The Dwindling Seping Tribe of Belaga

Pastoral visit to Seping  Tribe,
Long Bala, Belaga
 11th - 12August 2018

On 11th Aug to 12 August 2018, Rt Reverant Bishop Richard Ng made a very special Pastoral visit to the Seping long house in Long Bala, Belaga. This is a new longhouse built 5 or 6 years ago next  to the original longhouse.
Mass at this longhouse was attended by about 200 men, women and children and was later followed by a grand feast. Many of the people are working in the towns and only come back for big celebrations and festivities.

Louis Lenjau represented  the Uma Seping headman his father,  Lenjau Lian who, although present for the bishop's visit, due to his age, was unable to fully participate in the festivities and merry making.

The Seping are among the few tiny ethnic minorities that have survived assimilation by bigger groups and exist today as a distinct community, keeping their cultural identity and language intact. Seping Long Bala is one of 4 branches of the Seping tribe, the earliest settlers of Belaga who were here even before the British came. The other settlements are Uma Seping Long Koyan, Uma Seping Kajang and Uma Seping Batu Enam. The group lived for many years along the Seping River, a tributary of the Belepeh, which, in turn, is a tributary of the Murum that flows into the Balui.

While big tribes like the Penans with their total population of 17,784 are catching the government’s and international attention, small vanishing tribes like the Sepings are facing a natural death with the assimilation of their culture and traditions into the bigger or stronger neighbouring tribes, especially the Kenyahs and the Kayans.

In the Uma Seping longhouse of Long Bala, the biggest settlement of the dwindling tribal community, there are only 26 families with a total population of 216. About 100 more Sepings are found at the other settlement of Long Koyan Lama. In all, there are roughly 500 Sepings left in the world today!

In 1956 they lived in one longhouse comprising 16 households at Long Koyan along the middle reaches of the Belaga River. Due to lack of employment here, many people  migrated to the Tinjar in the mid 1960's. It was also while they were at Long Pejawai in the Tinjar, like most of the other indigenous people in the area  they decided to accept Christianity and became Catholics in 1966 through Father De Varies, a Mill Hill Priest.

In the 80s, when timber companies started extracting timber and employing the local natives for work, the Seping tribe migrated back to their ancestral homeland  Long Bala. It was also at that time  many of the people in Long Bala became Catholics.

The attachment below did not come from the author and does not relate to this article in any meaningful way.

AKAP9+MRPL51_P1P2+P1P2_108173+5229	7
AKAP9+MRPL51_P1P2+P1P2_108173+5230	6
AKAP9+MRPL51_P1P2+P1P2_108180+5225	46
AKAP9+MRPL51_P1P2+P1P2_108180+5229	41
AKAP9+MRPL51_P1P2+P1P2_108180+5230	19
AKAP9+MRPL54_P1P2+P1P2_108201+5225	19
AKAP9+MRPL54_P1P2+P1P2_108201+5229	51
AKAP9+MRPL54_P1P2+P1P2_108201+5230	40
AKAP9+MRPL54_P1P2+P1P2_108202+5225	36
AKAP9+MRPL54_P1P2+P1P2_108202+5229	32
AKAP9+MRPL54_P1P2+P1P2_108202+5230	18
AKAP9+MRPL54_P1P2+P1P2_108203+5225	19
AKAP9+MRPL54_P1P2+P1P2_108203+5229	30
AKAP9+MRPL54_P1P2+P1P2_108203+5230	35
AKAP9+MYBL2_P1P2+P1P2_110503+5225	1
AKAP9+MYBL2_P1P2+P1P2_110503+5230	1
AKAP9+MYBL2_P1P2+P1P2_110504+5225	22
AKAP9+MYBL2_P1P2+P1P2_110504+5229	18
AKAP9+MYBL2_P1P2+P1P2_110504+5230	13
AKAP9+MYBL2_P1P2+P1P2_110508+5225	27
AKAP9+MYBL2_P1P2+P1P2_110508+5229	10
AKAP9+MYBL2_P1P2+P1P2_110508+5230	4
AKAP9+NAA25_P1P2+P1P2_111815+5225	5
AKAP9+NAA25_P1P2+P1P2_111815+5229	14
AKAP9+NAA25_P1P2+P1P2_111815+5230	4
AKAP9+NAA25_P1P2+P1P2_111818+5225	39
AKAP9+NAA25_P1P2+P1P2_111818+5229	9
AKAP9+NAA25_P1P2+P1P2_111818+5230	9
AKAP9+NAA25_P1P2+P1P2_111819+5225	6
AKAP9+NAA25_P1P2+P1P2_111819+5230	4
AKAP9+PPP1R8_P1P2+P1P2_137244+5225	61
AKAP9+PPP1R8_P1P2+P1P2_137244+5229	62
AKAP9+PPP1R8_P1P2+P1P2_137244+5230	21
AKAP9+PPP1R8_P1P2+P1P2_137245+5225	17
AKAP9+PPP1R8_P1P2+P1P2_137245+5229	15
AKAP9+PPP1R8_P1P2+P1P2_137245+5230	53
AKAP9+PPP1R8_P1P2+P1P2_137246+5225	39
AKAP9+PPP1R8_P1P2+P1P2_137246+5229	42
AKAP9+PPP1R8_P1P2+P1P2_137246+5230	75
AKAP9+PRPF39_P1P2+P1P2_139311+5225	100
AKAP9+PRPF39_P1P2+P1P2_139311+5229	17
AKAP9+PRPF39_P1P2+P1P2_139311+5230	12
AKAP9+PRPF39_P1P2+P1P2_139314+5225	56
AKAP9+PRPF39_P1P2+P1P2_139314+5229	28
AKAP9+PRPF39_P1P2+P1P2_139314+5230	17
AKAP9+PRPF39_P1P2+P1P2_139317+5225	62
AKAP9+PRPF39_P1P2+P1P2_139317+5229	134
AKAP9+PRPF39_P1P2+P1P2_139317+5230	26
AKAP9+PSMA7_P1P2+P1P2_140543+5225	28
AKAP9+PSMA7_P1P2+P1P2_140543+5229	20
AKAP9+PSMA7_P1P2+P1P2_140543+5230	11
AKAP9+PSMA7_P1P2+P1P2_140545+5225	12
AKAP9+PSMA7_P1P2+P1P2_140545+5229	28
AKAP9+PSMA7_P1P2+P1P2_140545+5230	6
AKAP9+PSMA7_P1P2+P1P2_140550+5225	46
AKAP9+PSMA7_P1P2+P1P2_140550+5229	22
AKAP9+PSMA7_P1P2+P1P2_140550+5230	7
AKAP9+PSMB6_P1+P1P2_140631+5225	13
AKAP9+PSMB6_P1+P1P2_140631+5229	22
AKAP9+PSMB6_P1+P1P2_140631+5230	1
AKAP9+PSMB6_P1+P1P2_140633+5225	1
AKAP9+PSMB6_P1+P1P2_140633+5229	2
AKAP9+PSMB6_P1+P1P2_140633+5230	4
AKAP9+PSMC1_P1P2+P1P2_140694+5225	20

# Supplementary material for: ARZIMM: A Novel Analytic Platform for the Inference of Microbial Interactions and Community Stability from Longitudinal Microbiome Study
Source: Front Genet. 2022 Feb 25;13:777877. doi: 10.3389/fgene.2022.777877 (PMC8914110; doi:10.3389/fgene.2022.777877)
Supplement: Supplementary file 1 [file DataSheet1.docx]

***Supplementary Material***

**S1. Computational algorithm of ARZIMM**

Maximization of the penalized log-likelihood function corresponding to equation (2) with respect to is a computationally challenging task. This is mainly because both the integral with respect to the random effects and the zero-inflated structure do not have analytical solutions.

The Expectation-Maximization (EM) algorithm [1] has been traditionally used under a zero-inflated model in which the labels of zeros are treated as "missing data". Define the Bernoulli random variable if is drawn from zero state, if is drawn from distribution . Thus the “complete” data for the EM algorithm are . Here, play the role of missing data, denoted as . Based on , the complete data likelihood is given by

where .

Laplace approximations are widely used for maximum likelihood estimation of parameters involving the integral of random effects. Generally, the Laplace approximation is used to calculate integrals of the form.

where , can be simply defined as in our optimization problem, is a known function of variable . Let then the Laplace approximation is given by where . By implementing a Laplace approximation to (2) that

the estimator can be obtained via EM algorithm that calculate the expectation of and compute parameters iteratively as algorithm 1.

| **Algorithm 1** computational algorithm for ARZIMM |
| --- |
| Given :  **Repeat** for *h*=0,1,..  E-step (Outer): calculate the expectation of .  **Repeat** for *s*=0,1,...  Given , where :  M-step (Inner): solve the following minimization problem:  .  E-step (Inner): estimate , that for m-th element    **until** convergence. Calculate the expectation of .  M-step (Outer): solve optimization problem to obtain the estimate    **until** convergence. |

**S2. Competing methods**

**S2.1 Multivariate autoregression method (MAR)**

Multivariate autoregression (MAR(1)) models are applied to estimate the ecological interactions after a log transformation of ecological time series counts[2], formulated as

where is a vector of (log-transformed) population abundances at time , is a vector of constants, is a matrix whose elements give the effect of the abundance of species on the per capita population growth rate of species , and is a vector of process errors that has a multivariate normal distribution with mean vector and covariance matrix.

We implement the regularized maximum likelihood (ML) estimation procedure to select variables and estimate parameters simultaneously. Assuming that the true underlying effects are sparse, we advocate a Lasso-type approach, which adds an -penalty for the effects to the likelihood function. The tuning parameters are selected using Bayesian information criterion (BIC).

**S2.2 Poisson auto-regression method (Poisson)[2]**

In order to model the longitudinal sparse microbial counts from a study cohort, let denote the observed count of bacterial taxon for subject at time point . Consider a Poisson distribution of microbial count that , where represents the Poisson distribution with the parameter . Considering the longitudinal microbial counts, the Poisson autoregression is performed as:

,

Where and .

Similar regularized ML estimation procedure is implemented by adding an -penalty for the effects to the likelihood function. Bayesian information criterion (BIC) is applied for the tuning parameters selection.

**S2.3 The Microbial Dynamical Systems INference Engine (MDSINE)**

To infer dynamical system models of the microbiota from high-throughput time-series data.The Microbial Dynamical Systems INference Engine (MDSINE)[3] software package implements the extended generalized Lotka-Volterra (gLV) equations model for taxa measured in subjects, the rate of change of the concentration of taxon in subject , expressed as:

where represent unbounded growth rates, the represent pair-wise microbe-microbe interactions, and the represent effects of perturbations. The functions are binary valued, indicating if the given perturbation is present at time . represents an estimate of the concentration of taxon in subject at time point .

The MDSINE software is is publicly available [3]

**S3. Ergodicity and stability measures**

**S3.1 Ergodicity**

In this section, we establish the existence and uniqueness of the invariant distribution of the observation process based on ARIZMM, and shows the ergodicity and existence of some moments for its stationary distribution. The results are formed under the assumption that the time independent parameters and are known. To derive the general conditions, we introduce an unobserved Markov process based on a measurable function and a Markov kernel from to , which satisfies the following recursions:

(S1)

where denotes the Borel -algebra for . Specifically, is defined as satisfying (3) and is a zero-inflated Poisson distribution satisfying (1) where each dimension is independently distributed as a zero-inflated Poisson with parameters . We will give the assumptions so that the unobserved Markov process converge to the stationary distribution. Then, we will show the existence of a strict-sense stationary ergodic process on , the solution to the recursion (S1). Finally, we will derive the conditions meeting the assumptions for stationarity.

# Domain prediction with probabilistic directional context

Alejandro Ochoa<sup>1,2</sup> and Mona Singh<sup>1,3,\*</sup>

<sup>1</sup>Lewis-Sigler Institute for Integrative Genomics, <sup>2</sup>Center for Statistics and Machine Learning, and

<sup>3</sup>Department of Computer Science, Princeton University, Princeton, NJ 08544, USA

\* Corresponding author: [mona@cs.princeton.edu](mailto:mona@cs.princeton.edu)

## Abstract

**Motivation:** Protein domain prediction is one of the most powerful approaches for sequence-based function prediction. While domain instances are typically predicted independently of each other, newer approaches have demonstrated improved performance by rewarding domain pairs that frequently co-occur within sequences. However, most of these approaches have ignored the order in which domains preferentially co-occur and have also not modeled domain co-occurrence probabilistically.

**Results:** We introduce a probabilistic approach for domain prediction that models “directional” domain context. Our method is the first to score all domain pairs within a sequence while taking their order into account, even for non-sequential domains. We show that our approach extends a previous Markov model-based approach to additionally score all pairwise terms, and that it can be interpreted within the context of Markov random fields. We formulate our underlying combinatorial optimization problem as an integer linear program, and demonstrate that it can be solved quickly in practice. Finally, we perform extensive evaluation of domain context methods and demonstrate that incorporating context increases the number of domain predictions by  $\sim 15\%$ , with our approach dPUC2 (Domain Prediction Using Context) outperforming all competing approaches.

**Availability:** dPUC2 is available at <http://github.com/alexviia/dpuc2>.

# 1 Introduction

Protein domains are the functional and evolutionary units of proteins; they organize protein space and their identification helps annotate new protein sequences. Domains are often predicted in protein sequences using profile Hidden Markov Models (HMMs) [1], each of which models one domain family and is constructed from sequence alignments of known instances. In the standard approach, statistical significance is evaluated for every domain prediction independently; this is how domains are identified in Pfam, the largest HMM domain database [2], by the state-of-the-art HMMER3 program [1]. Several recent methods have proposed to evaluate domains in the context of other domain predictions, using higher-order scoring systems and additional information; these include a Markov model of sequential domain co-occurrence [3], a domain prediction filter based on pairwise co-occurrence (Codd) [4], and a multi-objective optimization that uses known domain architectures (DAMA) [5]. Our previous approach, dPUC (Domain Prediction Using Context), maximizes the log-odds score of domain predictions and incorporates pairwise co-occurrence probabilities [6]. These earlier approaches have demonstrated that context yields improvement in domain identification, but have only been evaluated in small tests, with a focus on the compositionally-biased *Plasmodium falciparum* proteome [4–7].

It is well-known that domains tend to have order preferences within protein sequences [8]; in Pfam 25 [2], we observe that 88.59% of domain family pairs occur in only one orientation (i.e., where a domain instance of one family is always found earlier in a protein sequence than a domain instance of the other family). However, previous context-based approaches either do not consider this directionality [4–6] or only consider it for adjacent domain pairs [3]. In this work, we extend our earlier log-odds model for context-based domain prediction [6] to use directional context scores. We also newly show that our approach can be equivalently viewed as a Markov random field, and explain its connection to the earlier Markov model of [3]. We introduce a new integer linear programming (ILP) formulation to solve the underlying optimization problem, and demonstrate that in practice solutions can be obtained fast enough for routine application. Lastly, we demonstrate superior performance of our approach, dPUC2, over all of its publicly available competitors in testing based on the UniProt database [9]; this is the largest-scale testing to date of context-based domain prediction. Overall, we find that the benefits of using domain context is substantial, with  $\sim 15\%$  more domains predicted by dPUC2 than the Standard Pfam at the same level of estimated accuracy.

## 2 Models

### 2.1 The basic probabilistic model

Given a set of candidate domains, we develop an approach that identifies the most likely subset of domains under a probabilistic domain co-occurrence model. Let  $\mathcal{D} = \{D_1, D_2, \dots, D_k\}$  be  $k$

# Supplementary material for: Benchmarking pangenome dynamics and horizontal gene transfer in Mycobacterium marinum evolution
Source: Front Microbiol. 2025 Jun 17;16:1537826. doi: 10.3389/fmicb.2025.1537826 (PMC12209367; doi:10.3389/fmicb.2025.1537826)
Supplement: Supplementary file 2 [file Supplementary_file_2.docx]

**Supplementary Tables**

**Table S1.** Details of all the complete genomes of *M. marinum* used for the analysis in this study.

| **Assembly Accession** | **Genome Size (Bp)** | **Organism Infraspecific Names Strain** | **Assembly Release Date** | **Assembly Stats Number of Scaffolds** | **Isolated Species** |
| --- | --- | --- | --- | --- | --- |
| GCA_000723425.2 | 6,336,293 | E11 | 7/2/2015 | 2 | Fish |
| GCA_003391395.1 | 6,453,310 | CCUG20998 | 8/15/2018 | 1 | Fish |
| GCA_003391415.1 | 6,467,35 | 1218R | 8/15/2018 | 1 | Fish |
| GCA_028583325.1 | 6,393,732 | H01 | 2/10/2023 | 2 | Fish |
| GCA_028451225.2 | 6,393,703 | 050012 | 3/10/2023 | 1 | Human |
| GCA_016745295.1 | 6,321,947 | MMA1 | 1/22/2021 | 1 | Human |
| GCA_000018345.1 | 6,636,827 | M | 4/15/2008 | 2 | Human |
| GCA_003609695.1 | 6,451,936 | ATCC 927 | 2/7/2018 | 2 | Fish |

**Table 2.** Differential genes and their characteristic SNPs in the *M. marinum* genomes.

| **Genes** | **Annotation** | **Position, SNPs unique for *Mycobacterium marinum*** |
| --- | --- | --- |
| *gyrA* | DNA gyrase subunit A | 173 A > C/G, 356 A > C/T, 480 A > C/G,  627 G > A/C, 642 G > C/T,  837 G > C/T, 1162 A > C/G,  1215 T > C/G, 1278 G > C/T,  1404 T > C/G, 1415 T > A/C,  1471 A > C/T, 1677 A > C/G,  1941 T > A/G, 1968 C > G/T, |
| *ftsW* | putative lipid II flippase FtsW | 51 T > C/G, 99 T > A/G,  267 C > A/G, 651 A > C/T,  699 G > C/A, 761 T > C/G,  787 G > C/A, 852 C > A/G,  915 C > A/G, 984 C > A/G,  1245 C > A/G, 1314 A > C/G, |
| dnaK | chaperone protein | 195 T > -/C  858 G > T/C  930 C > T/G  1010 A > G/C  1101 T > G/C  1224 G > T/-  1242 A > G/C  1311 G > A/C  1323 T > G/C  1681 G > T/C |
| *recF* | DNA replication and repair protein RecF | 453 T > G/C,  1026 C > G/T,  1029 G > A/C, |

In 1974, Penghulu Kata  Lawai was the only catholic in this longhouse. and was originally from Long Gang. By 1976, there were already 6 families and today, there are about 400 catholic families in this longhouse. 400 catholic families resettled here because of the Bakun dam about 20 years ago.

Although losing most of their culture, the Sepings still retain their language – a mixture of Kayan, Kenyah, Penan and Kejaman. Uma Seping Long Bala headman, Lenjau Lian, said there were once 22 Seping longhouses but that was a long time ago – and they now exist only in his memory.

He said as a small community, the Sepings were gradually losing their culture and traditions through assimilation into those of the Kenyahs and the Kayans.

“We don’t have our own music, dances, costumes, wedding ceremonies or death rituals anymore. The ceremonial practices for occasions like weddings and deaths usually belong to the other tribes, especially the Kayans and the Kenyahs.”

According to Lenjau, hitting the floor with a pole and rotating the pole is something the community still practise during a funeral wake “to make the death a happy one.”
However, he could not even recall the name of the practice, only describing as Kajang in nature but not Seping in originality.

There was the secondary burial practised long time ago by the Seping keta’ak (aristocracy) where the bones of the deceased were cleaned and stored in a jar which was then placed on top of a carved belian burial pillar known as salong.

The Sepings also used to practise the tradition of parap – epic recitation. However, it was only done in Kenyah tongue which even Lenjau finds it ironic. However, since accepting Roman Catholism in 1966, the community have abandoned the Bungan religion and no longer practise the adat burung (bird tradition) where all tasks are forbidden if an eagle or any other bird is making “a peculiar noise” and if a deer (kijang) is barking.

“We don’t celebrate Gawai like the rest of the Dayaks. We only celebrate Easter Day and Christmas,” Lenjau added.

Despite having a diluted culture, the Sepings still identify themselves as a distinct group, different from their other ethnic neighbours.

Photography - Jason Kho
Story by Johnny Tan
Compiled and edited by Ben Chang

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